The Conquest of Canaan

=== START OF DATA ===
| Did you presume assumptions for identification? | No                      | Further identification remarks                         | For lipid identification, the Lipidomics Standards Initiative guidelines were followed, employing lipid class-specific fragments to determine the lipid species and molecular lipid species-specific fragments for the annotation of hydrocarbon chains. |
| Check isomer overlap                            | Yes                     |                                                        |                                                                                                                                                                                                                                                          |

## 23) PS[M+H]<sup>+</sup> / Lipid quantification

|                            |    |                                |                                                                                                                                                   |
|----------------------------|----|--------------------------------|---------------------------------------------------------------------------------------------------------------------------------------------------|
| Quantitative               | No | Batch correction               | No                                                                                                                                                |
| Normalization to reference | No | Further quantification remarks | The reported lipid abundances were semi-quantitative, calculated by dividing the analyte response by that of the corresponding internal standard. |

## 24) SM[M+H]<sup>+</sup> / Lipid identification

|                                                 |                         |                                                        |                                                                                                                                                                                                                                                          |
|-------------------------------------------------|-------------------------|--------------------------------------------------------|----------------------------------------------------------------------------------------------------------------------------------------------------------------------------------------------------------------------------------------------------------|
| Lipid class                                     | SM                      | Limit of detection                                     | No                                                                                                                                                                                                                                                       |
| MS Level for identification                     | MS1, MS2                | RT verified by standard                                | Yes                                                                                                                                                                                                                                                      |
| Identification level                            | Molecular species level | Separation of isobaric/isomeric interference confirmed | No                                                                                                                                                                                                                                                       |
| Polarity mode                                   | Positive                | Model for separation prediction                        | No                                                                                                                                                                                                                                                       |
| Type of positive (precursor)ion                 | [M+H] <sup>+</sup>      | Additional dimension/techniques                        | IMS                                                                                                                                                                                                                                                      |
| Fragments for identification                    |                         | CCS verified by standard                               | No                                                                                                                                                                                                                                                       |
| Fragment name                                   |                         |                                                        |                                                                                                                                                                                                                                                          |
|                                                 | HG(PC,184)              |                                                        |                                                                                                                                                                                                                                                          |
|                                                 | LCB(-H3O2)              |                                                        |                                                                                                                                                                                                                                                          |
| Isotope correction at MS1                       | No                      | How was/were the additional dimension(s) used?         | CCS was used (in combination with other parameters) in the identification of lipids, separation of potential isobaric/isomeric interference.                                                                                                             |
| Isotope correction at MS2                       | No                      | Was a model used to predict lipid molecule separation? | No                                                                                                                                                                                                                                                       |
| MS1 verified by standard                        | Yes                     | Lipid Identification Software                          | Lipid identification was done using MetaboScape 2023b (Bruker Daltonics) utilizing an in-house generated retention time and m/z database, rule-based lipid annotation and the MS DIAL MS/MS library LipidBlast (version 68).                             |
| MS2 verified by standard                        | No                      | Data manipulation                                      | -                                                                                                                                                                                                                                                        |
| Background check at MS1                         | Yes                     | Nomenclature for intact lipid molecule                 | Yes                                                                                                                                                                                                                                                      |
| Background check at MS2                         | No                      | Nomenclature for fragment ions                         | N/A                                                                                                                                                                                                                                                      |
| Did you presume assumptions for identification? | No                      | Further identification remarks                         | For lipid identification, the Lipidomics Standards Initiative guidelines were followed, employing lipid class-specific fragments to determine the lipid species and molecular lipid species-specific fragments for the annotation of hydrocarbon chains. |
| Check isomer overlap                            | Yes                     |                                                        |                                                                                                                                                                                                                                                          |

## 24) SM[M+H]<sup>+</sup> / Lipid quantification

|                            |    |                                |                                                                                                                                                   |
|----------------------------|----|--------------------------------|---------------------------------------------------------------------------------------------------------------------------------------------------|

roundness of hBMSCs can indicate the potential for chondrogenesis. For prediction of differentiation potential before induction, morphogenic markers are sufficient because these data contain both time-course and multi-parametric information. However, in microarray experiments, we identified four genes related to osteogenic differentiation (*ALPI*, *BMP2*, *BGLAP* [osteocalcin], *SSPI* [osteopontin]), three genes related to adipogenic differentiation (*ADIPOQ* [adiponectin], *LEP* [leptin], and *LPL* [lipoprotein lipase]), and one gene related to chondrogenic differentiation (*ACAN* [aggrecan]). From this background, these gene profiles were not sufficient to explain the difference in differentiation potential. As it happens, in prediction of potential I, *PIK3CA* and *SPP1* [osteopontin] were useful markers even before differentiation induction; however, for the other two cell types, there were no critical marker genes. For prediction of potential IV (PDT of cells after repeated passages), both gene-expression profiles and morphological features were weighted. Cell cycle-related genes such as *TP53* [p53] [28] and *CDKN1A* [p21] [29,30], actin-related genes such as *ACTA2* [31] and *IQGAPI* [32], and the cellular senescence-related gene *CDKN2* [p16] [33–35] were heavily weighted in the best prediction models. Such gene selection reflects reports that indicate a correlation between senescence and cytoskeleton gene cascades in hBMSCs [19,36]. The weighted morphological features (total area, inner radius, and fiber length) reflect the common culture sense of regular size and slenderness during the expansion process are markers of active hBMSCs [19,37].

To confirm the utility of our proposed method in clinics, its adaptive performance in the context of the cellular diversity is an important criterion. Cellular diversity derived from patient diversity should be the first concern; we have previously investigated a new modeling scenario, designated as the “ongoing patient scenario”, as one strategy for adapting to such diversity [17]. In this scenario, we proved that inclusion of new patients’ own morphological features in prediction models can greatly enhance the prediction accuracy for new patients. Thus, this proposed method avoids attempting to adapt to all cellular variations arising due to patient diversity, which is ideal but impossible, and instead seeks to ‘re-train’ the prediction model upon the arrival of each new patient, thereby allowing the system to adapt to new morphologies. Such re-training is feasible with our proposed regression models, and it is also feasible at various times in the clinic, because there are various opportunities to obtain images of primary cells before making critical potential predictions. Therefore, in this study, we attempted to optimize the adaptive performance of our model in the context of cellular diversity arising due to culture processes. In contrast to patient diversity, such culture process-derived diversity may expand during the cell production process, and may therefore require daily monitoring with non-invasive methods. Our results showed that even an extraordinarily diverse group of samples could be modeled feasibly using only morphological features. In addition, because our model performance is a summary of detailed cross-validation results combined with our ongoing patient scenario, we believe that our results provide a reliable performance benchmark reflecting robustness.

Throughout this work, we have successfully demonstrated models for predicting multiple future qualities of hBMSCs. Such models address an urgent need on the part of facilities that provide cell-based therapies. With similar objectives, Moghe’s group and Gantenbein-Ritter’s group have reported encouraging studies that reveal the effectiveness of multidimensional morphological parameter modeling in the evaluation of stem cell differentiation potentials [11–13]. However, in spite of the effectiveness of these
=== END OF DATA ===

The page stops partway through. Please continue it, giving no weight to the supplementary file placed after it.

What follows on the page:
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The Project Gutenberg EBook of The Conquest of Canaan, by Booth Tarkington This eBook is for the use of anyone anywhere at no cost and with almost no restrictions whatsoever. You may copy it, give it away or re-use it under the terms of the Project Gutenberg License included with this eBook or online at www.gutenberg.net Title: The Conquest of Canaan Author: Booth Tarkington Posting Date: October 9, 2008 [EBook #483] Release Date: April, 1996 Language: English Character set encoding: ISO-8859-1 *** START OF THIS PROJECT GUTENBERG EBOOK THE CONQUEST OF CANAAN *** Produced by Charles Keller. HTML version by Al Haines THE CONQUEST OF CANAAN BY BOOTH TARKINGTON To L.F.T. CONTENTS CHAPTER I. ENTER CHORUS II. A RESCUE III. OLD HOPES IV. THE DISASTER V. BEAVER BEACH VI. "YE'LL TAK' THE HIGH ROAD AND I'LL TAK' THE LOW ROAD" VII. GIVE A DOG A BAD NAME VIII. A BAD PENNY TURNS UP IX. OUTER DARKNESS X. THE TRYST XI. WHEN HALF-GODS GO XII. TO REMAIN ON THE FIELD OF BATTLE IS NOT ALWAYS A VICTORY XIII. THE WATCHER AND THE WARDEN XIV. WHITE ROSES IN A LAW-OFFICE XV. HAPPY FEAR GIVES HIMSELF UP XVI. THE TWO CANAANS XVII. MR. SHEEHAN'S HINTS XVIII. IN THE HEAT OF THE DAY XIX. ESKEW ARP XX. THREE ARE ENLISTED XXI. NORBERT WAITS FOR JOE XXII. MR. SHEEHAN SPEAKS XXIII. JOE WALKS ACROSS THE COURT-HOUSE YARD XXIV. MARTIN PIKE KEEPS AN ENGAGEMENT XXV. THE JURY COMES IN XXVI. "ANCIENT OF DAYS" THE CONQUEST OF CANAAN I ENTER CHORUS A dry snow had fallen steadily throughout the still night, so that when a cold, upper wind cleared the sky gloriously in the morning the incongruous Indiana town shone in a white harmony—roof, ledge, and earth as evenly covered as by moonlight. There was no thaw; only where the line of factories followed the big bend of the frozen river, their distant chimneys like exclamation points on a blank page, was there a first threat against the supreme whiteness. The wind passed quickly and on high; the shouting of the school-children had ceased at nine o'clock with pitiful suddenness; no sleigh-bells laughed out on the air; and the muffling of the thoroughfares wrought an unaccustomed peace like that of Sunday. This was the phenomenon which afforded the opening of the morning debate of the sages in the wide windows of the "National House." Only such unfortunates as have so far failed to visit Canaan do not know that the "National House" is on the Main Street side of the Court-house Square, and has the advantage of being within two minutes' walk of the railroad station, which is in plain sight of the windows—an inestimable benefit to the conversation of the aged men who occupied these windows on this white morning, even as they were wont in summer to hold against all comers the cane-seated chairs on the pavement outside. Thence, as trains came and went, they commanded the city gates, and, seeking motives and adding to the stock of history, narrowly observed and examined into all who entered or departed. Their habit was not singular. He who would foolishly tax the sages of Canaan with a bucolic light-mindedness must first walk in Piccadilly in early June, stroll down the Corso in Rome before Ash Wednesday, or regard those windows of Fifth Avenue whose curtains are withdrawn of a winter Sunday; for in each of these great streets, wherever the windows, not of trade, are widest, his eyes must behold wise men, like to those of Canaan, executing always their same purpose. The difference is in favor of Canaan; the "National House" was the club, but the perusal of traveller or passer by was here only the spume blown before a stately ship of thought; and you might hear the sages comparing the Koran with the speeches of Robert J. Ingersoll. In the days of board sidewalks, "mail-time" had meant a precise moment for Canaan, and even now, many years after the first postman, it remained somewhat definite to the aged men; for, out of deference to a pleasant, olden custom, and perhaps partly for an excuse to "get down to the hotel" (which was not altogether in favor with the elderly ladies), most of them retained their antique boxes in the post-office, happily in the next building. In this connection it may be written that a subscription clerk in the office of the Chicago Daily Standard, having noted a single subscriber from Canaan, was, a fortnight later, pleased to receive, by one mail, nine subscriptions from that promising town. If one brought nine others in a fortnight, thought he, what would nine bring in a month? Amazingly, they brought nothing, and the rest was silence. Here was a matter of intricate diplomacy never to come within that youth his ken. The morning voyage to the post-office, long mocked as a fable and screen by the families of the sages, had grown so difficult to accomplish for one of them, Colonel Flitcroft (Colonel in the war with Mexico), that he had been put to it, indeed, to foot the firing-line against his wife (a lady of celebrated determination and hale-voiced at seventy), and to defend the rental of a box which had sheltered but three missives in four years. Desperation is often inspiration; the Colonel brilliantly subscribed for the Standard, forgetting to give his house address, and it took the others just thirteen days to wring his secret from him. Then the Standard served for all. Mail-time had come to mean that bright hour when they all got their feet on the brass rod which protected the sills of the two big windows, with the steam-radiators sizzling like kettles against the side wall. Mr. Jonas Tabor, who had sold his hardware business magnificently (not magnificently for his nephew, the purchaser) some ten years before, was usually, in spite of the fact that he remained a bachelor at seventy-nine, the last to settle down with the others, though often the first to reach the hotel, which he always entered by a side door, because he did not believe in the treating system. And it was Mr. Eskew Arp, only seventy-five, but already a thoroughly capable cynic, who, almost invariably "opened the argument," and it was he who discovered the sinister intention behind the weather of this particular morning. Mr. Arp had not begun life so sourly: as a youth he had been proud of his given name, which had come to him through his mother's family, who had made it honorable, but many years of explanations that Eskew did not indicate his initials had lowered his opinion of the intelligence and morality of the race. The malevolence of his voice and manner this morning, therefore, when he shook his finger at the town beyond the windows, and exclaimed, with a bitter laugh, "Look at it!" was no surprise to his companions. "Jest look at it! I tell you the devil is mighty smart. Ha, ha! Mighty smart!" Through custom it was the duty of Squire Buckalew (Justice of the Peace in '59) to be the first to take up Mr. Arp. The others looked to him for it. Therefore, he asked, sharply: "What's the devil got to do with snow?" "Everything to do with it, sir," Mr. Arp retorted. "It's plain as day to anybody with eyes and sense." "Then I wish you'd p'int it out," said Buckalew, "if you've got either." "By the Almighty, Squire"—Mr. Arp turned in his chair with sudden heat—"if I'd lived as long as you—" "You have," interrupted the other, stung. "Twelve years ago!" "If I'd lived as long as you," Mr. Arp repeated, unwincingly, in a louder voice, "and had follered Satan's trail as long as you have, and yet couldn't recognize it when I see it, I'd git converted and vote Prohibitionist." "I don't see it," interjected Uncle Joe Davey, in his querulous voice. (He was the patriarch of them all.) "I can't find no cloven-hoof-prints in the snow." "All over it, sir!" cried the cynic. "All over it! Old Satan loves tricks like this. Here's a town that's jest one squirmin' mass of lies and envy and vice and wickedness and corruption—" "Hold on!" exclaimed Colonel Flitcroft. "That's a slander upon our hearths and our government. Why, when I was in the Council—" "It wasn't a bit worse then," Mr. Arp returned, unreasonably. "Jest you look how the devil fools us. He drops down this here virgin mantle on Canaan and makes it look as good as you pretend you think it is: as good as the Sunday-school room of a country church—though THAT"—he went off on a tangent, venomously—"is generally only another whited sepulchre, and the superintendent's mighty apt to have a bottle of whiskey hid behind the organ, and—" "Look here, Eskew," said Jonas Tabor, "that's got nothin' to do with—" "Why ain't it? Answer me!" cried Mr. Arp, continuing, without pause: "Why ain't it? Can't you wait till I git through? You listen to me, and when I'm ready I'll listen to—" "See here," began the Colonel, making himself heard over three others, "I want to ask you—" "No, sir!" Mr. Arp pounded the floor irascibly with his hickory stick. "Don't you ask me anything! How can you tell that I'm not going to answer your question without your asking it, till I've got through? You listen first. I say, here's a town of nearly thirty thousand inhabitants, every last one of 'em—men, women, and children—selfish and cowardly and sinful, if you could see their innermost natures; a town of the ugliest and worst built houses in the world, and governed by a lot of saloon-keepers—though I hope it 'll never git down to where the ministers can run it. And the devil comes along, and in one night—why, all you got to do is LOOK at it! You'd think we needn't ever trouble to make it better. That's what the devil wants us to do—wants us to rest easy about it, and paints it up to look like a heaven of peace and purity and sanctified spirits. Snowfall like this would of made Lot turn the angel out-of-doors and say that the old home was good enough for him. Gomorrah would of looked like a Puritan village —though I'll bet my last dollar that there was a lot, and a WHOLE lot, that's never been told about Puritan villages. A lot that—" "WHAT never was?" interrupted Mr. Peter Bradbury, whose granddaughter had lately announced her discovery that the Bradburys were descended from Miles Standish. "What wasn't told about Puritan villages?" "Can't you wait?" Mr. Arp's accents were those of pain. "Haven't I got ANY right to present my side of the case? Ain't we restrained enough to allow of free speech here? How can we ever git anywhere in an argument like this, unless we let one man talk at a time? How—" "Go on with your statement," said Uncle Joe Davey, impatiently. Mr. Arp's grievance was increased. "Now listen to YOU! How many more interruptions are comin'? I'll listen to the other side, but I've got to state mine first, haven't I? If I don't make my point clear, what's the use of the argument? Argumentation is only the comparison of two sides of a question, and you have to see what the first side IS before you can compare it with the other one, don't you? Are you all agreed to that?" "Yes, yes," said the Colonel. "Go ahead. We won't interrupt until you're through." "Very well," resumed Mr. Arp, with a fleeting expression of satisfaction, "as I said before, I wish to—as I said—" He paused, in some confusion. "As I said, argumentation is—that is, I say—" He stopped again, utterly at sea, having talked himself so far out of his course that he was unable to recall either his sailing port or his destination. Finally he said, feebly, to save the confession, "Well, go on with your side of it." This generosity was for a moment disconcerting; however, the quietest of the party took up the opposition—Roger Tabor, a very thin, old man with a clean-shaven face, almost as white as his hair, and melancholy, gentle, gray eyes, very unlike those of his brother Jonas, which were dark and sharp and button-bright. (It was to Roger's son that Jonas had so magnificently sold the hardware business.) Roger was known in Canaan as "the artist"; there had never been another of his profession in the place, and the town knew not the word "painter," except in application to the useful artisan who is subject to lead-poisoning. There was no indication of his profession in the attire of Mr. Tabor, unless the too apparent age of his black felt hat and a neat patch at the elbow of his shiny, old brown overcoat might have been taken as symbols of the sacrifice to his muse which his life had been. He was not a constant attendant of the conclave, and when he came it was usually to listen; indeed, he spoke so seldom that at the sound of his voice they all turned to him with some surprise. "I suppose," he began, "that Eskew means the devil is behind all beautiful things." "Ugly ones, too," said Mr. Arp, with a start of recollection. "And I wish to state—" "Not now!" Colonel Flitcroft turned upon him violently. "You've already stated it." "Then, if he is behind the ugly things, too," said Roger, "we must take him either way, so let us be glad of the beauty for its own sake. Eskew says this is a wicked town. It may be—I don't know. He says it's badly built; perhaps it is; but it doesn't seem to me that it's ugly in itself. I don't know what its real self is, because it wears so many aspects. God keeps painting it all the time, and never shows me twice the same picture; not even two snowfalls are just alike, nor the days that follow them; no more than two misty sunsets are alike—for the color and even the form of the town you call ugly are a matter of the season of the year and of the time of day and of the light and air. The ugly town is like an endless gallery which you can walk through, from year-end to year-end, never seeing the same canvas twice, no matter how much you may want to—and there's the pathos of it. Isn't it the same with people with the characters of all of us, just as it is with our faces? No face remains the same for two successive days—" "It don't?" Colonel Flitcroft interrupted, with an explosive and rueful incredulity. "Well, I'd like to—" Second thoughts came to him almost immediately, and, as much out of gallantry as through discretion, fearing that he might be taken as thinking of one at home, he relapsed into silence. Not so with the others. It was as if a firecracker had been dropped into a sleeping poultry-yard. Least of all could Mr. Arp contain himself. At the top of his voice, necessarily, he agreed with Roger that faces changed, not only from day to day, and not only because of light and air and such things, but from hour to hour, and from minute to minute, through the hideous stimulus of hypocrisy. The "argument" grew heated; half a dozen tidy quarrels arose; all the sages went at it fiercely, except Roger Tabor, who stole quietly away. The aged men were enjoying themselves thoroughly, especially those who quarrelled. Naturally, the frail bark of the topic which had been launched was whirled about by too many side-currents to remain long in sight, and soon became derelict, while the intellectual dolphins dove and tumbled in the depths. At the end of twenty minutes Mr. Arp emerged upon the surface, and in his mouth was this: "Tell me, why ain't the Church—why ain't the Church and the rest of the believers in a future life lookin' for immortality at the other end of life, too? If we're immortal, we always have been; then why don't they ever speculate on what we were before we were born? It's because they're too blame selfish—don't care a flapdoodle about what WAS, all they want is to go on livin' forever." Mr. Arp's voice had risen to an acrid triumphancy, when it suddenly faltered, relapsed to a murmur, and then to a stricken silence, as a tall, fat man of overpowering aspect threw open the outer door near by and crossed the lobby to the clerk's desk. An awe fell upon the sages with this advent. They were hushed, and after a movement in their chairs, with a strange effect of huddling, sat disconcerted and attentive, like schoolboys at the entrance of the master. The personage had a big, fat, pink face and a heavily undershot jaw, what whitish beard he wore following his double chin somewhat after the manner displayed in the portraits of Henry the Eighth. His eyes, very bright under puffed upper lids, were intolerant and insultingly penetrating despite their small size. Their irritability held a kind of hotness, and yet the personage exuded frost, not of the weather, all about him. You could not imagine man or angel daring to greet this being genially—sooner throw a kiss to Mount Pilatus! "Mr. Brown," he said, with ponderous hostility, in a bull bass, to the clerk—the kind of voice which would have made an express train leave the track and go round the other way—"do you hear me?" "Oh yes, Judge," the clerk replied, swiftly, in tones as unlike those which he used for strange transients as a collector's voice in his ladylove's ear is unlike that which he propels at delinquents. "Do you see that snow?" asked the personage, threateningly. "Yes, Judge." Mr. Brown essayed a placating smile. "Yes, indeed, Judge Pike." "Has your employer, the manager of this hotel, seen that snow?" pursued the personage, with a gesture of unspeakable solemn menace. "Yes, sir. I think so. Yes, sir." "Do you think he fully understands that I am the proprietor of this building?" "Certainly, Judge, cer—" "You will inform him that I do not intend to be discommoded by his negligence as I pass to my offices. Tell him from me that unless he keeps the sidewalks in front of this hotel clear of snow I will cancel his lease. Their present condition is outrageous. Do you understand me? Outrageous! Do you hear?" "Yes, Judge, I do so," answered the clerk, hoarse with respect. "I'll see to it this minute, Judge Pike." "You had better." The personage turned himself about and began a grim progress towards the door by which he had entered, his eyes fixing themselves angrily upon the conclave at the windows. Colonel Flitcroft essayed a smile, a faltering one. "Fine weather, Judge Pike," he said, hopefully. There was no response of any kind; the undershot jaw became more intolerant. The personage made his opinion of the group disconcertingly plain, and the old boys understood that he knew them for a worthless lot of senile loafers, as great a nuisance in his building as was the snow without; and much too evident was his unspoken threat to see that the manager cleared them out of there before long. He nodded curtly to the only man of substance among them, Jonas Tabor, and shut the door behind him with majestic insult. He was Canaan's millionaire. He was one of those dynamic creatures who leave the haunting impression of their wills behind them, like the tails of Bo-Peep's sheep, like the evil dead men have done; he left his intolerant image in the ether for a long time after he had gone, to confront and confound the aged men and hold them in deferential and humiliated silence. Each of them was mysteriously lowered in his own estimation, and knew that he had been made to seem futile and foolish in the eyes of his fellows. They were all conscious, too, that the clerk had been acutely receptive of Judge Pike's reading of them; that he was reviving from his own squelchedness through the later snubbing of the colonel; also that he might further seek to recover his poise by an attack on them for cluttering up the office. Naturally, Jonas Tabor was the first to speak. "Judge Pike's lookin' mighty well," he said, admiringly. "Yes, he is," ventured Squire Buckalew, with deference; "mighty well." "Yes, sir," echoed Peter Bradbury; "mighty well." "He's a great man," wheezed Uncle Joe Davey; "a great man, Judge Martin Pike; a great man!" "I expect he has considerable on his mind," said the Colonel, who had grown very red. "I noticed that he hardly seemed to see us." "Yes, sir," Mr. Bradbury corroborated, with an attempt at an amused laugh. "I noticed it, too. Of course a man with all his cares and interests must git absent-minded now and then." "Of course he does," said the colonel. "A man with all his responsibilities—" "Yes, that's so," came a chorus of the brethren, finding comfort and reassurance as their voices and spirits began to recover from the blight. "There's a party at the Judge's to-night," said Mr. Bradbury—"kind of a ball Mamie Pike's givin' for the young folks. Quite a doin's, I hear." "That's another thing that's ruining Canaan," Mr. Arp declared, morosely. "These entertainments they have nowadays. Spend all the money out of town—band from Indianapolis, chicken salad and darkey waiters from Chicago! And what I want to know is, What's this town goin' to do about the nigger question?" "What about it?" asked Mr. Davey, belligerently. "What about it?" Mr. Arp mocked, fiercely. "You better say, 'What about it?'" "Well, what?" maintained Mr. Davey, steadfastly. "I'll bet there ain't any less than four thousand niggers in Canaan to-day!" Mr. Arp hammered the floor with his stick. "Every last one of 'em criminals, and more comin' on every train." "No such a thing," said Squire Buckalew, living up to his bounden duty. "You look down the street. There's the ten-forty-five comin' in now. I'll bet you a straight five-cent Peek-a-Boo cigar there ain't ary nigger on the whole train, except the sleepin'-car porters." "What kind of a way to argue is that?" demanded Mr. Arp, hotly. "Bettin' ain't proof, is it? Besides, that's the through express from the East. I meant trains from the South." "You didn't say so," retorted Buckalew, triumphantly. "Stick to your bet, Eskew, stick to your bet." "My bet!" cried the outraged Eskew. "Who offered to bet?" "You did," replied the Squire, with perfect assurance and sincerity. The others supported him in the heartiest spirit of on-with-the-dance, and war and joy were unconfined. A decrepit hack or two, a couple of old-fashioned surreys, and a few "cut-unders" drove by, bearing the newly arrived and their valises, the hotel omnibus depositing several commercial travellers at the door. A solitary figure came from the station on foot, and when it appeared within fair range of the window, Uncle Joe Davey, who had but hovered on the flanks of the combat, first removed his spectacles and wiped them, as though distrusting the vision they offered him, then, replacing them, scanned anew the approaching figure and uttered a smothered cry. "My Lord A'mighty!" he gasped. "What's this? Look there!" They looked. A truce came involuntarily, and they sat in paralytic silence as the figure made its stately and sensational progress along Main Street. Not only the aged men were smitten. Men shovelling snow from the pavements stopped suddenly in their labors; two women, talking busily on a doorstep, were stilled and remained in frozen attitudes as it passed; a grocer's clerk, crossing the pavement, carrying a heavily laden basket to his delivery wagon, halted half-way as the figure came near, and then, making a pivot of his heels as it went by, behaved towards it as does the magnetic needle to the pole. It was that of a tall gentleman, cheerfully, though somewhat with ennui, enduring his nineteenth winter. His long and slender face he wore smiling, beneath an accurately cut plaster of dark hair cornicing his forehead, a fashion followed by many youths of that year. This perfect bang was shown under a round black hat whose rim was so small as almost not to be there at all; and the head was supported by a waxy-white sea-wall of collar, rising three inches above the blue billows of a puffed cravat, upon which floated a large, hollow pearl. His ulster, sporting a big cape at the shoulders, and a tasselled hood over the cape, was of a rough Scotch cloth, patterned in faint, gray-and-white squares the size of baggage-checks, and it was so long that the skirts trailed in the snow. His legs were lost in the accurately creased, voluminous garments that were the tailors' canny reaction from the tight trousers with which the 'Eighties had begun: they were, in color, a palish russet, broadly striped with gray, and, in size, surpassed the milder spirit of fashion so far as they permitted a liberal knee action to take place almost without superficial effect. Upon his feet glistened long shoes, shaped, save for the heels, like sharp racing-shells; these were partially protected by tan-colored low gaiters with flat, shiny, brown buttons. In one hand the youth swung a bone-handled walking-stick, perhaps an inch and a half in diameter, the other carried a yellow leather banjo-case, upon the outer side of which glittered the embossed-silver initials, "E. B." He was smoking, but walked with his head up, making use, however, of a gait at that time new to Canaan, a seeming superbly irresponsible lounge, engendering much motion of the shoulders, producing an effect of carelessness combined with independence—an effect which the innocent have been known to hail as an unconscious one. He looked about him as he came, smilingly, with an expression of princely amusement—as an elderly cabinet minister, say, strolling about a village where he had spent some months in his youth, a hamlet which he had then thought large and imposing, but which, being revisited after years of cosmopolitan glory, appeals to his whimsy and his pity. The youth's glance at the court-house unmistakably said: "Ah, I recall that odd little box. I thought it quite large in the days before I became what I am now, and I dare say the good townsfolk still think it an imposing structure!" With everything in sight he deigned to be amused, especially with the old faces in the "National House" windows. To these he waved his stick with airy graciousness. "My soul!" said Mr. Davey. "It seems to know some of us!" "Yes," agreed Mr. Arp, his voice recovered, "and I know IT." "You do?" exclaimed the Colonel. "I do, and so do you. It's Fanny Louden's boy, 'Gene, come home for his Christmas holidays." "By George! you're right," cried Flitcroft; "I recognize him now." "But what's the matter with him?" asked Mr. Bradbury, eagerly. "Has he joined some patent-medicine troupe?" "Not a bit," replied Eskew. "He went East to college last fall." "Do they MAKE the boys wear them clothes?" persisted Bradbury. "Is it some kind of uniform?" "I don't care what it is," said Jonas Tabor. "If I was Henry Louden I wouldn't let him wear 'em around here." "Oh, you wouldn't, wouldn't you, Jonas?" Mr. Arp employed the accents of sarcasm. "I'd like to see Henry Louden try to interfere with 'Gene Bantry. Fanny'd lock the old fool up in the cellar." The lofty vision lurched out of view. "I reckon," said the Colonel, leaning forward to see the last of it—"I reckon Henry Louden's about the saddest case of abused step-father I ever saw." "It's his own fault," said Mr. Arp—"twice not havin' sense enough not to marry. Him with a son of his own, too!" "Yes," assented the Colonel, "marryin' a widow with a son of her own, and that widow Fanny!" "Wasn't it just the same with her first husband—Bantry?" Mr. Davey asked, not for information, as he immediately answered himself. "You bet it was! Didn't she always rule the roost? Yes, she did. She made a god of 'Gene from the day he was born. Bantry's house was run for him, like Louden's is now." "And look," exclaimed Mr. Arp, with satisfaction, "at the way he's turned out!" "He ain't turned out at all yet; he's too young," said Buckalew. "Besides, clothes don't make the man."